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Exposure to Same-Race or Same-Ethnicity Teachers and Advanced Math Course-Taking in High School: Evidence From a Diverse Urban District

by Jason A. Grissom, Sarah E. Kabourek & Jenna W. Kramer - 2020

Background/Context: Research links advanced mathematics course-taking to important later outcomes, including college graduation and earnings, yet many students fail to progress into higher math courses as they move through high school. Black and Hispanic high school students are less likely than their white peers to take advanced math courses. A complex set of factors inform decisions about student course-taking, but teachers play key roles, including providing information about courses, giving students encouragement, helping students form aspirations (e.g., through role modeling), and serving as gatekeepers via grade assignment and formal recommendations. At the same time, growing empirical evidence suggests that students from different racial/ethnic groups benefit from being taught by teachers with similar demographic backgrounds, which motivates an analysis connecting math teacher–student racial or ethnic congruence with progression into higher math courses in high school.

Purpose: We investigate the degree to which having a math teacher of the same race or ethnicity predicts subsequent enrollment in more advanced high school math courses, as well as in honors and Advanced Placement (AP) math courses. We also investigate potential mechanisms, including impacts of student–teacher congruence on course grades and standardized test performance, which may in turn predict a higher likelihood of advanced math course enrollment.

Setting: We examine student-level administrative data from high schools in Miami-Dade County Public Schools, the fourth largest school district in the United States.

Research Design: We estimate the likelihood that a student will take a higher level math course as a function of student–teacher racial/ethnic congruence, plus student, teacher, and classroom characteristics, and school fixed effects. This research design compares later math course-taking between students with and without race/ethnicity-congruent teachers within the same school, holding a variety of other factors constant. We estimate similar models for honors and AP course-taking. We also estimate models for math course grades and end-of-course (EOC) exam scores using school-by-course and student fixed effects.

Findings/Results: We find that high school students with a same-race or same-ethnicity teacher are more likely to take a higher math course in the next year than other students taking the same course in the same school. Associations are largest for Black students, who are 2 percentage points more likely to advance to a higher math course when taught by a Black teacher. Having a demographically similar teacher is also associated with movement into honors and AP courses in the next term, on average, though results vary by student subgroup. Students receive higher EOC scores and higher grades when taught by a demographically similar teacher, with higher grades even than what would be predicted by their EOC score, particularly in algebra.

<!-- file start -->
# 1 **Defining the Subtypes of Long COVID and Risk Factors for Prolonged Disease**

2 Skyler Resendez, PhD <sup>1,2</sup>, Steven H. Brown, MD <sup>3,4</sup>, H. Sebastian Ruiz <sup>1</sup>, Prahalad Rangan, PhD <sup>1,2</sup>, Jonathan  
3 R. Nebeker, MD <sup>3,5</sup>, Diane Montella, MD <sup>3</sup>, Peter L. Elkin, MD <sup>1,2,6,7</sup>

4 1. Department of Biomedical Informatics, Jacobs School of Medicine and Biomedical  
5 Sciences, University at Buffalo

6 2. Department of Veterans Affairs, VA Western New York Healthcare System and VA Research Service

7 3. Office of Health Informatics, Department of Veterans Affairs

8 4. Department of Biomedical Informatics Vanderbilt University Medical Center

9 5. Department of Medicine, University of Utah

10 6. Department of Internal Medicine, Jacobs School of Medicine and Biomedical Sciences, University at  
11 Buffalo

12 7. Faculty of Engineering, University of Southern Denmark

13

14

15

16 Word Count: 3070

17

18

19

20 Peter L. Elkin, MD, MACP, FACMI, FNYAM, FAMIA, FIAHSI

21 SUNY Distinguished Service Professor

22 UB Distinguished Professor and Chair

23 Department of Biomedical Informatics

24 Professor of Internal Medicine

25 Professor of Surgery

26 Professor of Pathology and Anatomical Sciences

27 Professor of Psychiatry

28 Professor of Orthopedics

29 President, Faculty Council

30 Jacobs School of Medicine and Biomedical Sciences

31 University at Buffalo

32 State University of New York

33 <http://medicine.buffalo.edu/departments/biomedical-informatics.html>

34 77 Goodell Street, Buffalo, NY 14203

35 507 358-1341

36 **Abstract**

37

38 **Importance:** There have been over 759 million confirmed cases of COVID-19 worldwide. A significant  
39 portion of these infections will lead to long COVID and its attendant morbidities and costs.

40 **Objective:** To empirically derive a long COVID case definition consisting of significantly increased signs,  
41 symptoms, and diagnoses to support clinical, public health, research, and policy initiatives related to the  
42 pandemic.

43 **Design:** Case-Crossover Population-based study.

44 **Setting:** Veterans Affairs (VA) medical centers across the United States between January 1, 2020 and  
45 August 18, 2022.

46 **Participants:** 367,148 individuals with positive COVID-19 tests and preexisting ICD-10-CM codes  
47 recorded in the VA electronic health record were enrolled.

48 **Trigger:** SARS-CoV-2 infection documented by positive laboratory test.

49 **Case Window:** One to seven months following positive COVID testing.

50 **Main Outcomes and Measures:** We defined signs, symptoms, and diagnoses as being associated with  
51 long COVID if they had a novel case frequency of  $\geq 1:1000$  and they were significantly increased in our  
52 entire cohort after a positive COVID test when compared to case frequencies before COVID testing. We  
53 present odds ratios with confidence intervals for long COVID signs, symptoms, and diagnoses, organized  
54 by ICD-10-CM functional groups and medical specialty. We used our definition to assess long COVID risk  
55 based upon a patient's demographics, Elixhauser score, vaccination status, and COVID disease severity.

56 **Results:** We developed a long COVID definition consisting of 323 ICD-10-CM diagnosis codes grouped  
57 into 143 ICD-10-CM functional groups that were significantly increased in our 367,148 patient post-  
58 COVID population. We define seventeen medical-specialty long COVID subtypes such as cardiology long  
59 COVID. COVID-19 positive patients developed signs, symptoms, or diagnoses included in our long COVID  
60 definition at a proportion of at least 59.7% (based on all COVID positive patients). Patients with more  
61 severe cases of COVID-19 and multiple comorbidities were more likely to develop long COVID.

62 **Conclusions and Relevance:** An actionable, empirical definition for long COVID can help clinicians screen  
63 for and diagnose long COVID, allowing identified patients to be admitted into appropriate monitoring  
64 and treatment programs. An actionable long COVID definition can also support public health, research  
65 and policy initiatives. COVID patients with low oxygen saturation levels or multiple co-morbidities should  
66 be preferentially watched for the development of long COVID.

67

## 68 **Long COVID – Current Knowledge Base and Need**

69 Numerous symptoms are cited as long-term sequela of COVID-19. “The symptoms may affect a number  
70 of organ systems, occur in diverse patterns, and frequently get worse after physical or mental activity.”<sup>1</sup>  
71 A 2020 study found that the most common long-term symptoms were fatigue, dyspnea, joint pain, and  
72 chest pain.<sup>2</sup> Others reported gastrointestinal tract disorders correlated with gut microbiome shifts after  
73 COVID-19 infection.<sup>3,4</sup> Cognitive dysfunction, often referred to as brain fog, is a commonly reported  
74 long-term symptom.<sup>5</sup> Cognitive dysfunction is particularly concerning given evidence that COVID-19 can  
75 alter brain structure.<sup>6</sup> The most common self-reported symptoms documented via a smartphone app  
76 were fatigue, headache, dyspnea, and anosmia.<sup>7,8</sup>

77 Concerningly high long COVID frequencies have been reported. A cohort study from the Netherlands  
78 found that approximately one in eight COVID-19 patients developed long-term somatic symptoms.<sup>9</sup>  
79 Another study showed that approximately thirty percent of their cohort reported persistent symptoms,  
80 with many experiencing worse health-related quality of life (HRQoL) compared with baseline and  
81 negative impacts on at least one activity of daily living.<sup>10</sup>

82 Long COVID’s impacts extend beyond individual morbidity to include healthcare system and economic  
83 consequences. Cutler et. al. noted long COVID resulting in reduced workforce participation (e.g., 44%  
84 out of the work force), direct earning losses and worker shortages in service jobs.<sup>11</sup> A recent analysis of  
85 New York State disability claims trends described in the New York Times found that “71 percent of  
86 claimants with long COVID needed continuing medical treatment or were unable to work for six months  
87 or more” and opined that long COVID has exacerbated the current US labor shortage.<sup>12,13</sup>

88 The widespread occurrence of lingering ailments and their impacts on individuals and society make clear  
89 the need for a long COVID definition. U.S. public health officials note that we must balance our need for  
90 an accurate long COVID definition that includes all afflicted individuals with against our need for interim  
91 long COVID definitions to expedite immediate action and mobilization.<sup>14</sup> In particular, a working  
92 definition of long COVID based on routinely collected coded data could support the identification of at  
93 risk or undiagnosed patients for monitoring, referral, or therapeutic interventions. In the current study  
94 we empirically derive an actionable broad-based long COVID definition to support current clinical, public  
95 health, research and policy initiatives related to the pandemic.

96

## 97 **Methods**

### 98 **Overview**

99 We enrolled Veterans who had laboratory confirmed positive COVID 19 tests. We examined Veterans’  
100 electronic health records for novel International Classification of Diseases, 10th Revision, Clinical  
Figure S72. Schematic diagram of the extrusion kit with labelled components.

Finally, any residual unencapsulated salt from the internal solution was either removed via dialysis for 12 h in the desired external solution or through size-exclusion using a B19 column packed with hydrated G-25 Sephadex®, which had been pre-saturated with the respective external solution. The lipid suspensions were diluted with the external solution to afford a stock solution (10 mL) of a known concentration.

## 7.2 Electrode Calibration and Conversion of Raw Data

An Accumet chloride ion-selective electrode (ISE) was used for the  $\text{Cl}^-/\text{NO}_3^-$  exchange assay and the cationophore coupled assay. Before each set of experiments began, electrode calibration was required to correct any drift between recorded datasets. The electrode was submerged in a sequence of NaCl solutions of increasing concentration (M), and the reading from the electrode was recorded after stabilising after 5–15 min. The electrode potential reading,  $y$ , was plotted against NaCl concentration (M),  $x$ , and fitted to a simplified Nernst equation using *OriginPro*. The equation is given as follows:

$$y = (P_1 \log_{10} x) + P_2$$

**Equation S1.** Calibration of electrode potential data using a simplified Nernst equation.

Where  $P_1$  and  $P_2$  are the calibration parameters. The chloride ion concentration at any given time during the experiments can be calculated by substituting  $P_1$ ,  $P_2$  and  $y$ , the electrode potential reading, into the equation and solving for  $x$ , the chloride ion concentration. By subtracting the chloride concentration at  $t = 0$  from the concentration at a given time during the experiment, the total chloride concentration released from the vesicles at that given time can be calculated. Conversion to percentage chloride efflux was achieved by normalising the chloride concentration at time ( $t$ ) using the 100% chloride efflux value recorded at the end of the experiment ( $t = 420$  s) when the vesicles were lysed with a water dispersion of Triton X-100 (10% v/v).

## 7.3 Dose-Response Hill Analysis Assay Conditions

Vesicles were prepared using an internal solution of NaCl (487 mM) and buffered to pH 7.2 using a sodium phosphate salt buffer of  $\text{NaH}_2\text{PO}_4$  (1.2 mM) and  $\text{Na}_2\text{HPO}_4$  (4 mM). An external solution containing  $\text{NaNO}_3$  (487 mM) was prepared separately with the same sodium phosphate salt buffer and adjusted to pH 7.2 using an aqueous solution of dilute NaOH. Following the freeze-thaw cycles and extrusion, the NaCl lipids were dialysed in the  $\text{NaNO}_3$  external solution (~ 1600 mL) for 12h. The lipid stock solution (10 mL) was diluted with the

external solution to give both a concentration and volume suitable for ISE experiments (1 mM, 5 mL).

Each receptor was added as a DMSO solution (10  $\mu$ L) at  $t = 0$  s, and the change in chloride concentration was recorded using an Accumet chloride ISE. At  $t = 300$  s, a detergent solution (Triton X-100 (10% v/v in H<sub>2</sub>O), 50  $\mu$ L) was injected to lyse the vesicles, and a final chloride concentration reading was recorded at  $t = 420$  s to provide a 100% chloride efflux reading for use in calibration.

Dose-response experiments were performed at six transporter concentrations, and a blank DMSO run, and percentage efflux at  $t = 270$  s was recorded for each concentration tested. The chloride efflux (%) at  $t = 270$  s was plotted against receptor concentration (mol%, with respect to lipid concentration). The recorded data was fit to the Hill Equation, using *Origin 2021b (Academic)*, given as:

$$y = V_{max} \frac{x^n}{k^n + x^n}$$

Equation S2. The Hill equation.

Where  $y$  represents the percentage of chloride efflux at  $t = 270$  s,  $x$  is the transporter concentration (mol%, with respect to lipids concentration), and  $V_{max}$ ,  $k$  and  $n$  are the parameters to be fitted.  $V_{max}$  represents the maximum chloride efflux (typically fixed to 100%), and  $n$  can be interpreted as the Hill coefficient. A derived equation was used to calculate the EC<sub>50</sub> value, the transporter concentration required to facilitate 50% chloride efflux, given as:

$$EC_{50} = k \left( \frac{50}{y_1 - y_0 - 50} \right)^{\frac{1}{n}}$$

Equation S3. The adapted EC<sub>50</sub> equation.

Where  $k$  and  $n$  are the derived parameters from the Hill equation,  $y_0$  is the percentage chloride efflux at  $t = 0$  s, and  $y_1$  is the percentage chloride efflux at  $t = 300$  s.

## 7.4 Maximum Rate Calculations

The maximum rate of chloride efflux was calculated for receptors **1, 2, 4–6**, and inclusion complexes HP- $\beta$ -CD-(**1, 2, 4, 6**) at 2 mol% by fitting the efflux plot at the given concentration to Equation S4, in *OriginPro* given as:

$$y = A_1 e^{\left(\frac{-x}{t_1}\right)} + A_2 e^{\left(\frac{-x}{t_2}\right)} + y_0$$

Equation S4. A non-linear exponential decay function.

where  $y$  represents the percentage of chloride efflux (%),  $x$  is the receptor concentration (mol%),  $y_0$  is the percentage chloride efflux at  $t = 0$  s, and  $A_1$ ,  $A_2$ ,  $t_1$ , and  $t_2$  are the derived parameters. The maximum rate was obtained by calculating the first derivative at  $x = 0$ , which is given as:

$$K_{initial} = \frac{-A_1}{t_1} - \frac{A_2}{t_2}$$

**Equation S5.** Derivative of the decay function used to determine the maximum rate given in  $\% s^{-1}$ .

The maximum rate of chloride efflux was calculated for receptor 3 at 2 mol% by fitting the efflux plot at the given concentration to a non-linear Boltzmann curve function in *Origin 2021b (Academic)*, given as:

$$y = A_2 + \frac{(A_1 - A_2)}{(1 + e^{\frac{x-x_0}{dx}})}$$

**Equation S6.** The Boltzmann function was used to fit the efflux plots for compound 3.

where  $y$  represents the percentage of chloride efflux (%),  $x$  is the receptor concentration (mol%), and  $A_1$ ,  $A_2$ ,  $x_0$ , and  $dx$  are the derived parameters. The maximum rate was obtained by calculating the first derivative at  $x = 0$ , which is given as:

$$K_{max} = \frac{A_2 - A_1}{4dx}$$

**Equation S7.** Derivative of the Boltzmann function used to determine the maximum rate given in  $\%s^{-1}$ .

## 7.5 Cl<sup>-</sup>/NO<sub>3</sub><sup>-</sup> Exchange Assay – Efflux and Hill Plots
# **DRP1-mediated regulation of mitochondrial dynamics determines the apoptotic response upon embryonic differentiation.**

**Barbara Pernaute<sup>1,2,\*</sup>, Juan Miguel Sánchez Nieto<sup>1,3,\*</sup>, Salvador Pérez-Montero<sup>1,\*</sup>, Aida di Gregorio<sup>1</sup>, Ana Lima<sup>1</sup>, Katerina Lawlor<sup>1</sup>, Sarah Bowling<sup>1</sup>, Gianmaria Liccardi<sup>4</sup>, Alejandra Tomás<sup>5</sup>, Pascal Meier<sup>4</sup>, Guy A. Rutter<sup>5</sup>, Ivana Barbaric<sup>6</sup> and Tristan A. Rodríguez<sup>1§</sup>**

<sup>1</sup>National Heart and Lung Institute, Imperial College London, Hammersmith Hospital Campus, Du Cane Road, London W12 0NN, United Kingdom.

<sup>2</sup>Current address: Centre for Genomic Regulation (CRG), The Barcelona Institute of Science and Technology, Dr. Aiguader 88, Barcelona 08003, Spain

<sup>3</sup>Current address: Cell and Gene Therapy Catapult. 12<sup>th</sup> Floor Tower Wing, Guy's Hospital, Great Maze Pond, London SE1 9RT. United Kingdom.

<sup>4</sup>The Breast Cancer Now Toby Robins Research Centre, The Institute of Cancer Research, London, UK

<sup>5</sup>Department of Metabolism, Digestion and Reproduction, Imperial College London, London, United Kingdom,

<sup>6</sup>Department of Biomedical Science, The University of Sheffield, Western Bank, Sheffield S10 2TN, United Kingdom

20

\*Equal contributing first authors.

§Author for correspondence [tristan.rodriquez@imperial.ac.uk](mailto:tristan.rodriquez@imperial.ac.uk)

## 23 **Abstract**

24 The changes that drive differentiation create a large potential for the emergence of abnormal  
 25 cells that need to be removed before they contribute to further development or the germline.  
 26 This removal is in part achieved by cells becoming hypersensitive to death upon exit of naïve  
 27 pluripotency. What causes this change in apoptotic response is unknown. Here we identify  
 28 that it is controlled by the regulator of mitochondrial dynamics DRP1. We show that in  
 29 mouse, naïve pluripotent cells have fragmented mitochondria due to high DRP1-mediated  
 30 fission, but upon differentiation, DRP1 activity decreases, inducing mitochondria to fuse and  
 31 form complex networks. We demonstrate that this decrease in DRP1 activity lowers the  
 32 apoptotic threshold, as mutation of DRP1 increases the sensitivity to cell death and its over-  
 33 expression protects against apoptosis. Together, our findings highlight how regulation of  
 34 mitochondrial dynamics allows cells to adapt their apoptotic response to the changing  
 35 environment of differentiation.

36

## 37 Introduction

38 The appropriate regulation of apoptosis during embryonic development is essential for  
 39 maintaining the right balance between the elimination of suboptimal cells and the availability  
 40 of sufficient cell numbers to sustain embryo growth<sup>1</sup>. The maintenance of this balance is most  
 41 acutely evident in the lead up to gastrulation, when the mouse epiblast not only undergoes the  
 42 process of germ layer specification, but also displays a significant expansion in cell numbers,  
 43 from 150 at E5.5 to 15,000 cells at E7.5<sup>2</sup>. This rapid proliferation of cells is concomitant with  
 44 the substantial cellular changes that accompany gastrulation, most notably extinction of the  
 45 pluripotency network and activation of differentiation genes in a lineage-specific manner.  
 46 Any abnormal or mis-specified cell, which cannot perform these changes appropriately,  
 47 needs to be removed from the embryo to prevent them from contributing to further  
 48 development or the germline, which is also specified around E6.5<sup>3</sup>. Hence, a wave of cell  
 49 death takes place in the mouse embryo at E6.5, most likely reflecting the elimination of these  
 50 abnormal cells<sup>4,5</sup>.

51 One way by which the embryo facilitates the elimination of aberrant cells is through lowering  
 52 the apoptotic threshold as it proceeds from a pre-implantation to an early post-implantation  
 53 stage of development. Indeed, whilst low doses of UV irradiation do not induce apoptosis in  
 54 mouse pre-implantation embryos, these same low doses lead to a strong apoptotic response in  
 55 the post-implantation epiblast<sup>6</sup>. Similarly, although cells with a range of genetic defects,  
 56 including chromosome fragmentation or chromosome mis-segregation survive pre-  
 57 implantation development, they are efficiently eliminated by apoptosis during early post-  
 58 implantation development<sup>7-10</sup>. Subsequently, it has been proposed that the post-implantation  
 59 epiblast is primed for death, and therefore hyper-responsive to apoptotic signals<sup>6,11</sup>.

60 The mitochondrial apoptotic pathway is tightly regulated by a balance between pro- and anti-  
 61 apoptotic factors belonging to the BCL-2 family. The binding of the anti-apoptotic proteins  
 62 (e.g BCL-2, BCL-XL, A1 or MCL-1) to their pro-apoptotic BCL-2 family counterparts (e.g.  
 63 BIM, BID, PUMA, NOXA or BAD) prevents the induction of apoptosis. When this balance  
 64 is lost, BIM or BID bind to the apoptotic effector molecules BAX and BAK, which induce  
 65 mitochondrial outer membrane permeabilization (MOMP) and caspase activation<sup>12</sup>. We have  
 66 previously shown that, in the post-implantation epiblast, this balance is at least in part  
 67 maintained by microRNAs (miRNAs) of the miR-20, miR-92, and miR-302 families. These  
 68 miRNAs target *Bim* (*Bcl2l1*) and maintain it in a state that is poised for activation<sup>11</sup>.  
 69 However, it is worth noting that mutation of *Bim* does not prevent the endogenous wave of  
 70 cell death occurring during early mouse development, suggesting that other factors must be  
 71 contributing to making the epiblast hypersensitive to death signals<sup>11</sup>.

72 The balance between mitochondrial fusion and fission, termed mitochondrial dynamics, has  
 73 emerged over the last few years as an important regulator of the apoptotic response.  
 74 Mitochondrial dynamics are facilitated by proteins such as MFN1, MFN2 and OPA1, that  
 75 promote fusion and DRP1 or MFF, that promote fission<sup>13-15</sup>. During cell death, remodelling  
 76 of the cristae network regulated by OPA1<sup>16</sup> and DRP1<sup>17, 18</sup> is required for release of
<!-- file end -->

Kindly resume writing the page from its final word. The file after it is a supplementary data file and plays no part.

Conclusions/Recommendations: Our analysis contributes to growing evidence on the importance of teacher diversity for outcomes for students from minoritized groups and is among only a very small set of studies that demonstrate teachers’ impacts on student outcomes not just for one year, but also in subsequent years. Our results underscore the importance of efforts to recruit and retain teachers of color, particularly in high schools. We recommend future research to better understand the mechanisms linking diverse teachers to student course-taking outcomes.

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Cite This Article as: Teachers College Record Volume 122 Number 7, 2020, p. 1-42
https://www.tcrecord.org ID Number: 23323, Date Accessed: 2/27/2021 4:28:00 PM

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About the Author
  • Jason Grissom
    Vanderbilt University
    E-mail Author
    JASON A. GRISSOM, Ph.D., is a professor of public policy and education at Vanderbilt University’s Peabody College and faculty director of the Tennessee Education Research Alliance. His research interests include school leadership, educator labor markets, educational equity, and K–12 politics and governance. Recent coauthored publications include “Strategic Retention: Principal Effectiveness and Teacher Turnover in Multiple-Measure Teacher Evaluation Systems” (2019, American Educational Research Journal) and “Money over Merit? Socioeconomic Gaps in Receipt of Gifted Services” (2019, Harvard Educational Review).
  • Sarah Kabourek
    University of Chicago
    E-mail Author
    SARAH E. KABOUREK is a research scientist at NORC at the University of Chicago. She conducts mixed-methods and quantitative analysis on a range of topics related to early childhood education, program evaluation, and school finance, with an equity-oriented focus. Her work at NORC includes partnerships with federal, local, and private education agencies working toward expanding the reach and quality of early childhood education and preschool services.
  • Jenna Kramer
    RAND Corporation
    E-mail Author
    JENNA WEBER KRAMER is an associate policy researcher at the RAND Corporation. Her research leverages experimental, quasi-experimental, and qualitative methods to examine the effects of institutional practices and governmental policies on student postsecondary preparation, college access and success, and workforce transition. Her recent work focuses in particular on the student transition to open-access postsecondary training and the enrollment decisions and experiences of students in a tuition-free college environment.
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